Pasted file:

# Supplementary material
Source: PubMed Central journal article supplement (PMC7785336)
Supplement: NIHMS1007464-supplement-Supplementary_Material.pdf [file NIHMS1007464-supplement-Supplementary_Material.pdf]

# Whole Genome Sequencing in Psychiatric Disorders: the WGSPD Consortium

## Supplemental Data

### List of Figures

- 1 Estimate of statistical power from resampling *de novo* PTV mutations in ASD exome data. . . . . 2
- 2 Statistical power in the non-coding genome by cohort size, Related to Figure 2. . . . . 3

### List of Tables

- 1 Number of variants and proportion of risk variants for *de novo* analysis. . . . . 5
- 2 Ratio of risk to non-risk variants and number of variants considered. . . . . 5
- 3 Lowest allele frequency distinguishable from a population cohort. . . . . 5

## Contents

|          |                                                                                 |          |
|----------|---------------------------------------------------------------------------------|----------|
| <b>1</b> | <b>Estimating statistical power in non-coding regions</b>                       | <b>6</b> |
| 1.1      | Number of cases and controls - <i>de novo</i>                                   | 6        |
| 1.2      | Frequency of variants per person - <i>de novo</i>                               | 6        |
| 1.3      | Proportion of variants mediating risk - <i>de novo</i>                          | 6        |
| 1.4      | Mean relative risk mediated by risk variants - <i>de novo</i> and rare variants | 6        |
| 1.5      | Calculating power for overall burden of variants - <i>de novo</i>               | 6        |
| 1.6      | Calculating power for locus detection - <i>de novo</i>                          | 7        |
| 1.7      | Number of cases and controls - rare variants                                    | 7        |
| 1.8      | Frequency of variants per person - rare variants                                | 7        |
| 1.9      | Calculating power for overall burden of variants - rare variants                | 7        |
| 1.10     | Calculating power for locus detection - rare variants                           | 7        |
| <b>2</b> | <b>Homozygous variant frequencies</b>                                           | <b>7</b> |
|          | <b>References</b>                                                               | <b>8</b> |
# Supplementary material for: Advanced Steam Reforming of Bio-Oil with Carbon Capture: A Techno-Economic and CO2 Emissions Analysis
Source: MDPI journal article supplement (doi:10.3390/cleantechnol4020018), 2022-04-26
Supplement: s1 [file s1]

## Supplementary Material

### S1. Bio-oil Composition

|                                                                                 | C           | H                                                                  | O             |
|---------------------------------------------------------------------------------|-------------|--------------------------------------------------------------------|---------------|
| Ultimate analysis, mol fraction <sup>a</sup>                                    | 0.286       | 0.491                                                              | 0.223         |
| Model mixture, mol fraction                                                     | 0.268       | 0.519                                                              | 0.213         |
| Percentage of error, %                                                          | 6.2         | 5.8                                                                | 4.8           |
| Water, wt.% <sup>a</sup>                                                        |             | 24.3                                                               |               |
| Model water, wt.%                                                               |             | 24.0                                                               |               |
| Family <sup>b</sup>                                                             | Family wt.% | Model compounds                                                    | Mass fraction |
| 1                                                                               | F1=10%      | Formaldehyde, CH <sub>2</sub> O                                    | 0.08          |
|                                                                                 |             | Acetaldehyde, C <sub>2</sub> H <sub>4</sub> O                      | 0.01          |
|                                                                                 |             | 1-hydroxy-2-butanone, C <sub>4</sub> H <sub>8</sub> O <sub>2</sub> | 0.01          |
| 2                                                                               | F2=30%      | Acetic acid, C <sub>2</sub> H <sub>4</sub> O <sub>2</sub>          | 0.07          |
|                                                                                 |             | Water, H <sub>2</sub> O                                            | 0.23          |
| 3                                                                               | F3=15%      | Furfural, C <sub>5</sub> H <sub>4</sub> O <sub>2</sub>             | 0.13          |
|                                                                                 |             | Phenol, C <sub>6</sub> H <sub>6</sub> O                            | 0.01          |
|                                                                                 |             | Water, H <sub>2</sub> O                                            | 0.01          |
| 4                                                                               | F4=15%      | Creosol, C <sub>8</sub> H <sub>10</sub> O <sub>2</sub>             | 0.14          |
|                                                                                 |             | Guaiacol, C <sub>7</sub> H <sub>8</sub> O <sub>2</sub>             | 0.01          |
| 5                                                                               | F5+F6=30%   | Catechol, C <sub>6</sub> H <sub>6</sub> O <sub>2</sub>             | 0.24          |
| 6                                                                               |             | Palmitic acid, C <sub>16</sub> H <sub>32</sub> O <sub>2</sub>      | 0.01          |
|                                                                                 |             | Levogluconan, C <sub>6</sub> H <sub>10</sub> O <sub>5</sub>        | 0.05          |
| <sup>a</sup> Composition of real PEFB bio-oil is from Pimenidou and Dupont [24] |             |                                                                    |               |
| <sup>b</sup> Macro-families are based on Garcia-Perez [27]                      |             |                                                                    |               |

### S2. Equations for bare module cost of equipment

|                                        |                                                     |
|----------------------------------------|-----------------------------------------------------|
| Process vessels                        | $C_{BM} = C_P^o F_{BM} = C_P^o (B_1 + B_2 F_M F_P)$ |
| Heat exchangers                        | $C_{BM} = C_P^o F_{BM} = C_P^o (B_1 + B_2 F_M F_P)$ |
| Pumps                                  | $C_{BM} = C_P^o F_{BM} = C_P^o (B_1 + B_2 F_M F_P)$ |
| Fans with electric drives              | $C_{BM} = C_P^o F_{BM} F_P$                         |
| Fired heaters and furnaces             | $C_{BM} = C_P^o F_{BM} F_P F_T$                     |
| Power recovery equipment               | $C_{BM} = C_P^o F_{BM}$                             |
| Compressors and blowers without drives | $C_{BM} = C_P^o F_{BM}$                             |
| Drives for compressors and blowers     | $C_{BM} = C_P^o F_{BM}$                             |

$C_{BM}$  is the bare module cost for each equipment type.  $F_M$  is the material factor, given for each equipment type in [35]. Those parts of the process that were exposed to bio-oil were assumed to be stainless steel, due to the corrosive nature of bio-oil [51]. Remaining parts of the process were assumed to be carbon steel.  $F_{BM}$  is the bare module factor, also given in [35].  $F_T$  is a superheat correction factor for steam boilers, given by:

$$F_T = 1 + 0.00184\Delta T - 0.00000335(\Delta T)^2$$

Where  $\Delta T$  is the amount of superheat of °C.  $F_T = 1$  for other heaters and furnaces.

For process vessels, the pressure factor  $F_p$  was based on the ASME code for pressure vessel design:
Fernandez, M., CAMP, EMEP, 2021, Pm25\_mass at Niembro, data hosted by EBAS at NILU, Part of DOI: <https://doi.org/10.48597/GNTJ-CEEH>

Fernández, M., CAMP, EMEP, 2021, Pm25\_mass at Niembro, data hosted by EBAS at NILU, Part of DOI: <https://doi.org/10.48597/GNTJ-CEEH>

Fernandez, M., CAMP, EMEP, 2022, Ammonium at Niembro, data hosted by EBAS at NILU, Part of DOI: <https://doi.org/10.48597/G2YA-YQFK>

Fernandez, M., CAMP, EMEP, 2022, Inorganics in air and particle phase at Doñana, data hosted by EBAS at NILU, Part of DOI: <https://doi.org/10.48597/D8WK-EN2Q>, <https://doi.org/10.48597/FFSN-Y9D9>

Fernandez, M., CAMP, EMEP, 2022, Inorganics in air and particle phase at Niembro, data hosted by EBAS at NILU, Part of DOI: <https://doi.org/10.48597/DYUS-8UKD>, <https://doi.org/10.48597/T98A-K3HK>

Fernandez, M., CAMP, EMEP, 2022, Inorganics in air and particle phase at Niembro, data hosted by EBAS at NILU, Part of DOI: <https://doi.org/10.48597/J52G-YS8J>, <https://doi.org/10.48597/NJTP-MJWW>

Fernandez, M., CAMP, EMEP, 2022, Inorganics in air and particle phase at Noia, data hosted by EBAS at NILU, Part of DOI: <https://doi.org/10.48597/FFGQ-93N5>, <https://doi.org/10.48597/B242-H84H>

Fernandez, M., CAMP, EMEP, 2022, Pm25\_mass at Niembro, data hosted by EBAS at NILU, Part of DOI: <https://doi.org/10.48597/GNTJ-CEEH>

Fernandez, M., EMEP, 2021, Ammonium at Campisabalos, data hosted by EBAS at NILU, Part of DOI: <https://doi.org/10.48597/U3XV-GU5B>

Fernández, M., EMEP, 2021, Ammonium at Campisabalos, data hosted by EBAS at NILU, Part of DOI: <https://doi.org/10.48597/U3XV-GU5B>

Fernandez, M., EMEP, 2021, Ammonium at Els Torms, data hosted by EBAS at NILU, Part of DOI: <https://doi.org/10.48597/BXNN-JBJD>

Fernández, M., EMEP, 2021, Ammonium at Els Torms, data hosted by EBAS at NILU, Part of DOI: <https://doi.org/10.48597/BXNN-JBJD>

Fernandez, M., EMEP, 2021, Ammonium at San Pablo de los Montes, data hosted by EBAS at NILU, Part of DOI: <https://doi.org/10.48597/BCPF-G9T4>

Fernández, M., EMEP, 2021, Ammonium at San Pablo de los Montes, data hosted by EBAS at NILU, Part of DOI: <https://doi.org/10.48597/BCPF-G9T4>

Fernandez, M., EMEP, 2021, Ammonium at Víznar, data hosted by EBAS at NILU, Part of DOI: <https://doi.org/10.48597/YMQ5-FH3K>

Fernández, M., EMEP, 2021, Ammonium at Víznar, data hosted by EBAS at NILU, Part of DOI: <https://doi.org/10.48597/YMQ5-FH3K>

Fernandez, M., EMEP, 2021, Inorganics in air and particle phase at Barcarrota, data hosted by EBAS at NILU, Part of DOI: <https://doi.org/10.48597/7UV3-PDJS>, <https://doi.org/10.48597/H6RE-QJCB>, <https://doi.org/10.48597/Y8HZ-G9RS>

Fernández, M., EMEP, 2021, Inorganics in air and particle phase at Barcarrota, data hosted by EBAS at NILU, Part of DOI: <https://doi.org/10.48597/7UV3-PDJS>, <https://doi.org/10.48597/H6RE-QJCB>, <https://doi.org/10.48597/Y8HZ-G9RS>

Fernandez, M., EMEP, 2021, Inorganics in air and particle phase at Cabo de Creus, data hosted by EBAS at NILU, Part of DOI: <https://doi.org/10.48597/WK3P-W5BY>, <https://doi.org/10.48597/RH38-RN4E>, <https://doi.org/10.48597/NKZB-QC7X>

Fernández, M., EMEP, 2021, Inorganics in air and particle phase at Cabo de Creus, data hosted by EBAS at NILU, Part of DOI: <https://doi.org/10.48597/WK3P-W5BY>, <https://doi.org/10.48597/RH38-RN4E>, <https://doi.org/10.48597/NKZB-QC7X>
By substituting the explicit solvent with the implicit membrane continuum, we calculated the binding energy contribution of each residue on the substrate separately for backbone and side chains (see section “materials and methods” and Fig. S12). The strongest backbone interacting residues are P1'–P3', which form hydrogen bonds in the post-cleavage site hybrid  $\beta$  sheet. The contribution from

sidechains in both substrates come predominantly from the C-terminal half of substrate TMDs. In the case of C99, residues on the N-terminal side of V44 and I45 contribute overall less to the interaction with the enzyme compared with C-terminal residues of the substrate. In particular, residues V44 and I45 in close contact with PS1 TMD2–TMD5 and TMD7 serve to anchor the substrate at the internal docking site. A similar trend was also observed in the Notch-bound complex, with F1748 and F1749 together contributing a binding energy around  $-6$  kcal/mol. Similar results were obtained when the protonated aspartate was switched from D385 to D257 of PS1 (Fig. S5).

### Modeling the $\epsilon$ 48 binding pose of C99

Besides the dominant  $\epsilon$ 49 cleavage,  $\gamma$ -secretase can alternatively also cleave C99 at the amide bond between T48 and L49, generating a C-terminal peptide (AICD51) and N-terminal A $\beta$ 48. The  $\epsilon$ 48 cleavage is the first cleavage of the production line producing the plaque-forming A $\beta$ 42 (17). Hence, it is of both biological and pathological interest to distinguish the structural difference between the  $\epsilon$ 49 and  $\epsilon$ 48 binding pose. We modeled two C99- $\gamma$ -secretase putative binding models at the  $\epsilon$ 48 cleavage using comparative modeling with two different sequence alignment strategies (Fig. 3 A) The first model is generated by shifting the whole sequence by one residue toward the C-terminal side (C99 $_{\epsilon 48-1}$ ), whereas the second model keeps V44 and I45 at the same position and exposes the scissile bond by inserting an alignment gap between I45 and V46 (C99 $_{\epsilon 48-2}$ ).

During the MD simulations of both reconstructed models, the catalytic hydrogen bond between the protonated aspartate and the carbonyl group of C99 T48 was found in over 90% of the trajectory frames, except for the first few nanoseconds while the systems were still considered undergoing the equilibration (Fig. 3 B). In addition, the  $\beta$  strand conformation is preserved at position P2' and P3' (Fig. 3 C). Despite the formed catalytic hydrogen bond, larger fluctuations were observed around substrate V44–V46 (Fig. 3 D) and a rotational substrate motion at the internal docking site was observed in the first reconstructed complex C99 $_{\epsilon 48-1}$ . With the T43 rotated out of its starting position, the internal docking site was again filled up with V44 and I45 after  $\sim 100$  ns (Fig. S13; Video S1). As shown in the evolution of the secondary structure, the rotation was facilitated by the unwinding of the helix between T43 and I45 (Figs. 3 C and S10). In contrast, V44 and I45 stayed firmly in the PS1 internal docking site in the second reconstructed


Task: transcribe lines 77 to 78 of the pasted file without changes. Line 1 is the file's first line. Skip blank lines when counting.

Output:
Fernandez, M., CAMP, EMEP, 2022, Inorganics in air and particle phase at Niembro, data hosted by EBAS at NILU, Part of DOI: <https://doi.org/10.48597/J52G-YS8J>, <https://doi.org/10.48597/NJTP-MJWW>

Fernandez, M., CAMP, EMEP, 2022, Inorganics in air and particle phase at Noia, data hosted by EBAS at NILU, Part of DOI: <https://doi.org/10.48597/FFGQ-93N5>, <https://doi.org/10.48597/B242-H84H>